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Dear members and visitors, we ask that you take a few moments to read the new “Safety & Incidents” page compiled by the club committee. A number of incidents have happened since we have come out of lockdown, crashing into pit area, crashing outfield etc. Safety must be our priority to each other and to the public who could be anywhere walking around Little Haldon visible or out of view. The new page provides guidance on how to be safe and lawful; and provides links to the BMFA site for further detail and instructions on how to report an incident.
I thought I’d take a break from designing gliders and build a (powered) vintage classic along the lines of the Junior 60, something light and slow but 4-channel rather than 3.
I found a plan for the 4 channel Super 60 but it’s boxy fuselage shape and angular fin just didn’t ‘do it’ for me so I started wading through the Outerzone plans website. I found the 4 channel PD Parasol and got quite excited about it! But, although it’s tail shapes looked beautiful, its fuselage shape (convex top and bottom) was not my (pre-conceived) idea of a vintage classic. Then I found the lovely curvy fuselage outlines of the Deacon and the Viking and the lovely wing shapes of the Dot I, and Black Magic.
There were quite a few 3 channel designs that I really liked the look of but my heart was set on having aileron control for some slow, low-energy, aerobatics with half-decent rolls. An aerobatic vintage design called the Over & Under caught my attention but I couldn’t see any way that its fully symmetrical section would give a low sink rate when compared to the flat bottomed Super 60 or the semi-symmetrical PD Parasol. I almost decided to just build a PD Parasol exactly as per plan but I definitely didn’t want a one-piece model and I couldn’t visualise an attractive and lightweight way of adapting the parasol and struts to a banded-on wing. I also want something slightly bigger than 60”.
So, I embarked on producing a new vintage-hybrid design along these lines:
Semi-symmetrical wing section of the PD Parasol with strip ailerons as per the Super 60.
Curvey fuselage of the Deacon/Cardinal but a little extra nose length and diagonal bracing.
Tail feathers copied directly from the PD Parasol which to me look perfect.
Wing shape similar to Black Magic.
Approx. 10” chord, 70” wingspan, 40” fuselage.
Electric power (I found the 4-max website. What a great resource!)
Out of respect for Roger Jones’s RCM&E Forum comment “designing your own ‘vintage’ model is a bit phoney”, I decided to call her the ‘Old Phoney’.
Buying the servos, there was a special offer on five. That got me thinking “what could I use the 5th servo for?” then the penny dropped – a tow release.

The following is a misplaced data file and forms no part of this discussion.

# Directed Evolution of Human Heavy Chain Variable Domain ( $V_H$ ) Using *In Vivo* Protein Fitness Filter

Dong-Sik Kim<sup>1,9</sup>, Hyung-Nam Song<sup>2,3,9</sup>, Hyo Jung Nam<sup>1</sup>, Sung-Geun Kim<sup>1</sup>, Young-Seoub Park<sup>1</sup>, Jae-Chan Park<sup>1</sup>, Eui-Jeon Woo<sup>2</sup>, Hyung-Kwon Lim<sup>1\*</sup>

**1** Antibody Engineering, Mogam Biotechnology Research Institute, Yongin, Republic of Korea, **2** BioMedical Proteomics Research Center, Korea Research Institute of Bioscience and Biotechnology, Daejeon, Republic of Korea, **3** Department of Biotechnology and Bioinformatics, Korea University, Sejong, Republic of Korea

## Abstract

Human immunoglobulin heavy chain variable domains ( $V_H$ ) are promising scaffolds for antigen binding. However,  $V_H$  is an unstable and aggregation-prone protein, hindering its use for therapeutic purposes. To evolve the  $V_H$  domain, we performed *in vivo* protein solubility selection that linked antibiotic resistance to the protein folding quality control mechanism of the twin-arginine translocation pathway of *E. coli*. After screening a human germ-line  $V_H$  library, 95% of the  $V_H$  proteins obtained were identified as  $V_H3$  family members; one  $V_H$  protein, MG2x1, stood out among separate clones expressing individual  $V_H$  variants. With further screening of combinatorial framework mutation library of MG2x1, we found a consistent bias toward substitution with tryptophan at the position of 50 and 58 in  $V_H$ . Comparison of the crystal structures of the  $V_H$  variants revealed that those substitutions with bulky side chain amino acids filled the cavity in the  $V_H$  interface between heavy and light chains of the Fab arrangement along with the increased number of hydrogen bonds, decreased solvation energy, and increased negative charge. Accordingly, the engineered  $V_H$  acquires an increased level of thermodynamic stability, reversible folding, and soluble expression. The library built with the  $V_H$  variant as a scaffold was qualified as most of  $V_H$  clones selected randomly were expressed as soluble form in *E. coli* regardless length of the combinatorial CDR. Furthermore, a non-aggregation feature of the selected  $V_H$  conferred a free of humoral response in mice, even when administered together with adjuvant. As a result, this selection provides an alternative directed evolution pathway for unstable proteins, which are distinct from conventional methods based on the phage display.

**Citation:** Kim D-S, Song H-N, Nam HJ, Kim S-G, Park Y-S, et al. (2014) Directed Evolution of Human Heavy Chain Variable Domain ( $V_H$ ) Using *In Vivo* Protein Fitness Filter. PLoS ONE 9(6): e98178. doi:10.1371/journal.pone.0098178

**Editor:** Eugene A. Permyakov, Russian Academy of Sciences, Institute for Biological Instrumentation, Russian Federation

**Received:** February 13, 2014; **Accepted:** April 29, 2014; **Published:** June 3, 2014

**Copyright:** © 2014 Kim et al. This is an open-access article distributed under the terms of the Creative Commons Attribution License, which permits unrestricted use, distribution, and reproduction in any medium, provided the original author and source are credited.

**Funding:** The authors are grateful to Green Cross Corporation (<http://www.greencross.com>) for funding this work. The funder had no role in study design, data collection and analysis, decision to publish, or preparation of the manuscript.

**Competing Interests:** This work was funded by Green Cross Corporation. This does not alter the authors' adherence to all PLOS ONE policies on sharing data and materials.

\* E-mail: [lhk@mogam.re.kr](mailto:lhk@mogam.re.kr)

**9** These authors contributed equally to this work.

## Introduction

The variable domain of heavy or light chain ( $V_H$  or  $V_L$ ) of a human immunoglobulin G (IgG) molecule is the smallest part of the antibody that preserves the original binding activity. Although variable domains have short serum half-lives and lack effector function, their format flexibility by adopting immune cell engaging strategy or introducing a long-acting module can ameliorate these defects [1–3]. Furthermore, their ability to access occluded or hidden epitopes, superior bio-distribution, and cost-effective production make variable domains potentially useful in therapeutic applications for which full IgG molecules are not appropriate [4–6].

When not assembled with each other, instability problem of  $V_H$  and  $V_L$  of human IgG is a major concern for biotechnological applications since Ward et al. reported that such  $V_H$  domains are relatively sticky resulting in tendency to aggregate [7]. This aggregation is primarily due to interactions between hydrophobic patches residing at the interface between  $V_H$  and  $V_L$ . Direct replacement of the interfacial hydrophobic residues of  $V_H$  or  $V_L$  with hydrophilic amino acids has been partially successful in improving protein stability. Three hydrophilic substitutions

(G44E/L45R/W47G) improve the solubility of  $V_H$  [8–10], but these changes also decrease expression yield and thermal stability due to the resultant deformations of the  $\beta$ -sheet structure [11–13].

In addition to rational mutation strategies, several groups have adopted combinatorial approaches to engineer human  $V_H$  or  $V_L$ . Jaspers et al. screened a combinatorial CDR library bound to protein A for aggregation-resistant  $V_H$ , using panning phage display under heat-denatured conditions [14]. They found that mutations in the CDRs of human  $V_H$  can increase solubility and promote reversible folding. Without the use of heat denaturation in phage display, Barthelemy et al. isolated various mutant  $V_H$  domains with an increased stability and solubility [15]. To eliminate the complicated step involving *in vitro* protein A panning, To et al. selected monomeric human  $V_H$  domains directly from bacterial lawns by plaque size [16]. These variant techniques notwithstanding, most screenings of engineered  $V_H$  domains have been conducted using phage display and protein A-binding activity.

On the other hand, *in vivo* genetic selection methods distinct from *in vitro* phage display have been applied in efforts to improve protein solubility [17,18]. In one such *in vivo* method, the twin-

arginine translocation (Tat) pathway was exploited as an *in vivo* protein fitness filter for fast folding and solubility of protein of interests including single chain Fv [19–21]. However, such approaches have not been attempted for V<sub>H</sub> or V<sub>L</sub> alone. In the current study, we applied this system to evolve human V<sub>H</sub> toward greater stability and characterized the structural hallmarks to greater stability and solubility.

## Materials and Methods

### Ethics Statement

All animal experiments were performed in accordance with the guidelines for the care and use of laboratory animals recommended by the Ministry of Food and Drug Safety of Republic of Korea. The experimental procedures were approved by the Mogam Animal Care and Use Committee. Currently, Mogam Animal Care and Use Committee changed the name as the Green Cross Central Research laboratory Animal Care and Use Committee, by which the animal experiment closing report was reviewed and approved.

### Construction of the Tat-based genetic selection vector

The plans are still being tweaked but here’s a recent version:
Inspired by Cliff Harvey’s videos on YouTube, I started by laminating the wing tips and tail:
Then found an old bit of 3mm ali for the u/c:
John sent me this link to Google Drive of his K7 Maiden and a cracking piece of footage it is too. Well done to all involved.
With good conditions this Tuesday 27th April, two impressive maiden flights were undertaken with the help of Martin and his WOT4 XL tug to tow them up.
Johns; Jilles Smits 1/3 scale, 5 metre ws K7 and Chris’s; 1/3 scale scratch built Pilatus. Our Home page has been updated with flight photos and there a a few more pics in the Gallery that have been supplied by David Ramsden.
Just to let you know that our Home page has been updated with some Photos of Chris’s scratch built 1/3 scale Pilatus B4. And a very fine sailplane it look too.
The news many have been waiting for. – John has published our 2021 Glider Day Event dates. Have a look at the Events page.
Joe has sent me some pictures of his latest creations. In Joes words: A ghastly Percival Prentice, and a DB Tiger Mouth, both electric powered, all ready for maiden flights. Who knows when ? And: I Still have two models to go, another small 36” Tiger Moth by Dale Tattam, and a Flair Puppeteer.
Many more Tiger Moths Joe and you will need to fly them in formation like your Red Arrows display team. I know you like a challenge. (Robert)
I decided to try dyeing the balsa before covering with translucent film and chose pale pink to complement the ‘heather’ pink Solarfilm I’d bought for the underside.
I should have known that pink and yellow makes orange. Will orange and pink really GO together??
Rather than use plastic hinges I thought stitching might be nice.
After covering I dropped the radio gear in and discovered to my surprise that my little 4-cell NiMH battery was too heavy for the nose so it had to go above the switch in the fuse top.
Here’s the radio installation (plus the 2 flaperon servos in the wings). The nose is completely empty!
I avoided unsightly bands going over the fuselage top by adding a (sort of) 3rd wing dowel – so some of the wing bands also hold the top on.
For the finishing touch I simply taped a strip of film to the cutting board, taped a paper print of the word ‘mediator’ over the top, and cut through with a scalpel.
Finished weight under 850g/30oz. Wing loading only 9.5 oz/sq’ which is less than my Kloudrider!
For inspiration: thanks to George Aldrich (Peacemaker) and Steve Lange (Le Fish).
When I first fitted both wings there were ‘issues’ namely fit to fuselage root rib and span wise squareness to fuz. So there was some head scratching. In the end I had to adjust the main joiner tube in the fuz which fortunately had not been glued in. Although I could only move it a couple of millimetres each side it was enough to square the wings span wise which were about an inch out! I will still need to apply some balsa packing to the root ribs to fill a gap. All in all I am still quite pleased, the structure as in the pic weighs circa 7kgs….on track I think🤔
(Robert – Wait until you have added 5 litres of paint John :). I am very much looking forward to seeing your maiden flight)